Since the session ID was ephemeral/times out eventually it will get destroyed, and then when that machine visits again it will have a new session ID.

As you can see, as long the back end has been designed correctly, using the same session ID isn't a problem at all. IT(both it and IT) would be a problem if the same session data was reused.


The Bad News

This all assumes that the session data, and id, are tracked correctly and the web service is not vulnerable because of the session ID being associated to the machine and not the user.

Realistically it should change at some point


Things to make sure of

  • Sessions are set up safely
  • Session flow makes sense
  • Session ID != Session data
  • Session data is stored securely

Extra information

  • Sessions are really more of a method and guidelines for storing state based information in some place
  • They can be setup infinitely many safe ways
  • They can be setup infinitely many unsafe ways
  • You're really trusting someone else to have done it right when you use their services, so there are no guarantees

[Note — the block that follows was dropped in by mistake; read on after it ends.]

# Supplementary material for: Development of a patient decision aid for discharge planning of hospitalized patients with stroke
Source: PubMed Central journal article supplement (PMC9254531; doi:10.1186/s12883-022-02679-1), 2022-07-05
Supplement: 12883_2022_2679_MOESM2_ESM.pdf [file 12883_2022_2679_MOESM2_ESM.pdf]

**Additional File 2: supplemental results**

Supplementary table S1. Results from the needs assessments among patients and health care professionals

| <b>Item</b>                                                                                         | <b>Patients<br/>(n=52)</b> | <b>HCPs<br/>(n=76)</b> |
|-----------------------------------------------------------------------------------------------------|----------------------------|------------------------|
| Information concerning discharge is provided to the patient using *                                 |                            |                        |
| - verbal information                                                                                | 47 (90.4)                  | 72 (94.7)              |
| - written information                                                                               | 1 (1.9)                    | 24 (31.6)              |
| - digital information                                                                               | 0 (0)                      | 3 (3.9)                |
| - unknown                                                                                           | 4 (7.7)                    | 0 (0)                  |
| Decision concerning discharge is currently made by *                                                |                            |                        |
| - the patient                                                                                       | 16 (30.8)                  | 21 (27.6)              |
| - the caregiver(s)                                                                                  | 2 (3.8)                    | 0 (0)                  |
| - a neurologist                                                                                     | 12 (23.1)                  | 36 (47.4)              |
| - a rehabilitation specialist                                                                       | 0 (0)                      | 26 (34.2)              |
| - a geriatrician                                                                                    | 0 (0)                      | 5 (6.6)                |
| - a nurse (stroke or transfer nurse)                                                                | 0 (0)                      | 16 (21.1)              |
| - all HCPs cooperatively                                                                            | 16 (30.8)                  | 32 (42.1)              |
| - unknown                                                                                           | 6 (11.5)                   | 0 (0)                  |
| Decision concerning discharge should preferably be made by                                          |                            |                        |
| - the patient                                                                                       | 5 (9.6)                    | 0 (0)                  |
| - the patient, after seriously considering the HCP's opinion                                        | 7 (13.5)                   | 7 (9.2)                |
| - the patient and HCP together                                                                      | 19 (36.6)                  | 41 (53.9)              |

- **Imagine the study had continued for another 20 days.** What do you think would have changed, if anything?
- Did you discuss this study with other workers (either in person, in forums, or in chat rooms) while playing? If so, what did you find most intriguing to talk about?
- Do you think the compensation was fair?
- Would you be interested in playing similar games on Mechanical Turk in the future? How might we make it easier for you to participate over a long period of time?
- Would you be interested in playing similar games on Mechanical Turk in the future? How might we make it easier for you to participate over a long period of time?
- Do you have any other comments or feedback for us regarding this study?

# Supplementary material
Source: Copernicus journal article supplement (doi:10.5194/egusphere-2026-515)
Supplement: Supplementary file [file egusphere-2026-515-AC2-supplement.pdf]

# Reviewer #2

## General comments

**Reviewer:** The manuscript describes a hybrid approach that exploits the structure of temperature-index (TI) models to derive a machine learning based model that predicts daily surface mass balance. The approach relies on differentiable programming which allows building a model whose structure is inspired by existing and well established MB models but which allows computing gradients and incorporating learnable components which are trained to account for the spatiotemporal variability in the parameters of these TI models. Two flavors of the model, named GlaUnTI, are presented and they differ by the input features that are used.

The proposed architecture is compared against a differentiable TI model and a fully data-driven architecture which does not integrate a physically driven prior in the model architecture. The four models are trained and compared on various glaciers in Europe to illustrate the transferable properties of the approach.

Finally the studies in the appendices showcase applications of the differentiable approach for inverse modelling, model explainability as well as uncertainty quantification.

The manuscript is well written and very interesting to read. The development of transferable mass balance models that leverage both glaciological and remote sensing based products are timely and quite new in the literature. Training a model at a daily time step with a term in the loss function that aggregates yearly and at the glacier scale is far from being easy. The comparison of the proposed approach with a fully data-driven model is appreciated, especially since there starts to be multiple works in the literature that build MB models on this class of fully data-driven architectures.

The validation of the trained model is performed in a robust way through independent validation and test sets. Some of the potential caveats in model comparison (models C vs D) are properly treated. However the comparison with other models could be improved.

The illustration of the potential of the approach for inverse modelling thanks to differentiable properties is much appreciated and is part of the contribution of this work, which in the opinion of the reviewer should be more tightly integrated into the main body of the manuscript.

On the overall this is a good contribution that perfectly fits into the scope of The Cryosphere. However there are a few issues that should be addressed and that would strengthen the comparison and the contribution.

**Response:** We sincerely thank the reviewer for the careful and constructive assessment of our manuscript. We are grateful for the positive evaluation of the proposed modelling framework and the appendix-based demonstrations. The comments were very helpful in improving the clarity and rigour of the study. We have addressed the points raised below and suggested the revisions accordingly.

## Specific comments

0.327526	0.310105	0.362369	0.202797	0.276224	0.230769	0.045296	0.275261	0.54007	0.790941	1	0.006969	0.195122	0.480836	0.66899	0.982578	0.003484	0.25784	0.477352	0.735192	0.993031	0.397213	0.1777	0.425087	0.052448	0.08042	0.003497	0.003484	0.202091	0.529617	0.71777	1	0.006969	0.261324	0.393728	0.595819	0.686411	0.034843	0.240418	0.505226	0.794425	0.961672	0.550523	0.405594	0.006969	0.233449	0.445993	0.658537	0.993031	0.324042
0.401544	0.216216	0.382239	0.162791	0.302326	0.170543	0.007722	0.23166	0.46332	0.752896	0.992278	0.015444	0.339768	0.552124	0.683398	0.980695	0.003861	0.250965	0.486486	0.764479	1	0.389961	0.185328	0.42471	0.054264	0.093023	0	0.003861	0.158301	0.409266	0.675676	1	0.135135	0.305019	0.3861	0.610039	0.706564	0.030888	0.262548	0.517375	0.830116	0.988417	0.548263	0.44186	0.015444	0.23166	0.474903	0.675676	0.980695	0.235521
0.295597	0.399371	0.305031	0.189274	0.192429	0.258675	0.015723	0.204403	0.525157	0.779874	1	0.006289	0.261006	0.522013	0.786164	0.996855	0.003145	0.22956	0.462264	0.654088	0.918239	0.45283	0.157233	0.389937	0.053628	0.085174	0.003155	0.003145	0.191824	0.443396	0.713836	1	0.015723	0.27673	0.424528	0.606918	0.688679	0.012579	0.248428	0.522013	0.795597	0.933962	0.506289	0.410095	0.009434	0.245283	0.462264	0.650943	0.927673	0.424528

Just because a session ID is linked to a machine and not a user, doesn't mean it's been setup wrong. It just means they're probably also tracking what users have used what machines, for how long for metric purposes.


Things to be aware of just in case

You should probably Google these terms just to make sure your setup is safe

  • Session Fixation
  • Replay Attacks
  • MITM attacks
  • Unsafe connections
  • Forever Sessions
  • Ephemeral Sessions
  • Cookie Session
  • Database Session
  • Redis Session
  • Stateless Web App
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    ah okay! sorta of like references and pointers in C. Make sense! – runners3431 May 5 '16 at 16:49
  • Sort of! This is assuming someone set them up correctly in teh first place. There are always vulnerabilities to be aware of – Robert Mennell May 5 '16 at 16:51
  • I was thinking the danger was if somehow my cookie data for the session got exposed, it is always tied back to my machine. – runners3431 May 5 '16 at 16:54
  • Like I said in the bad news part, that's only true if the session is setup correctly and tracks the unique characteristics of the machine. – Robert Mennell May 5 '16 at 16:54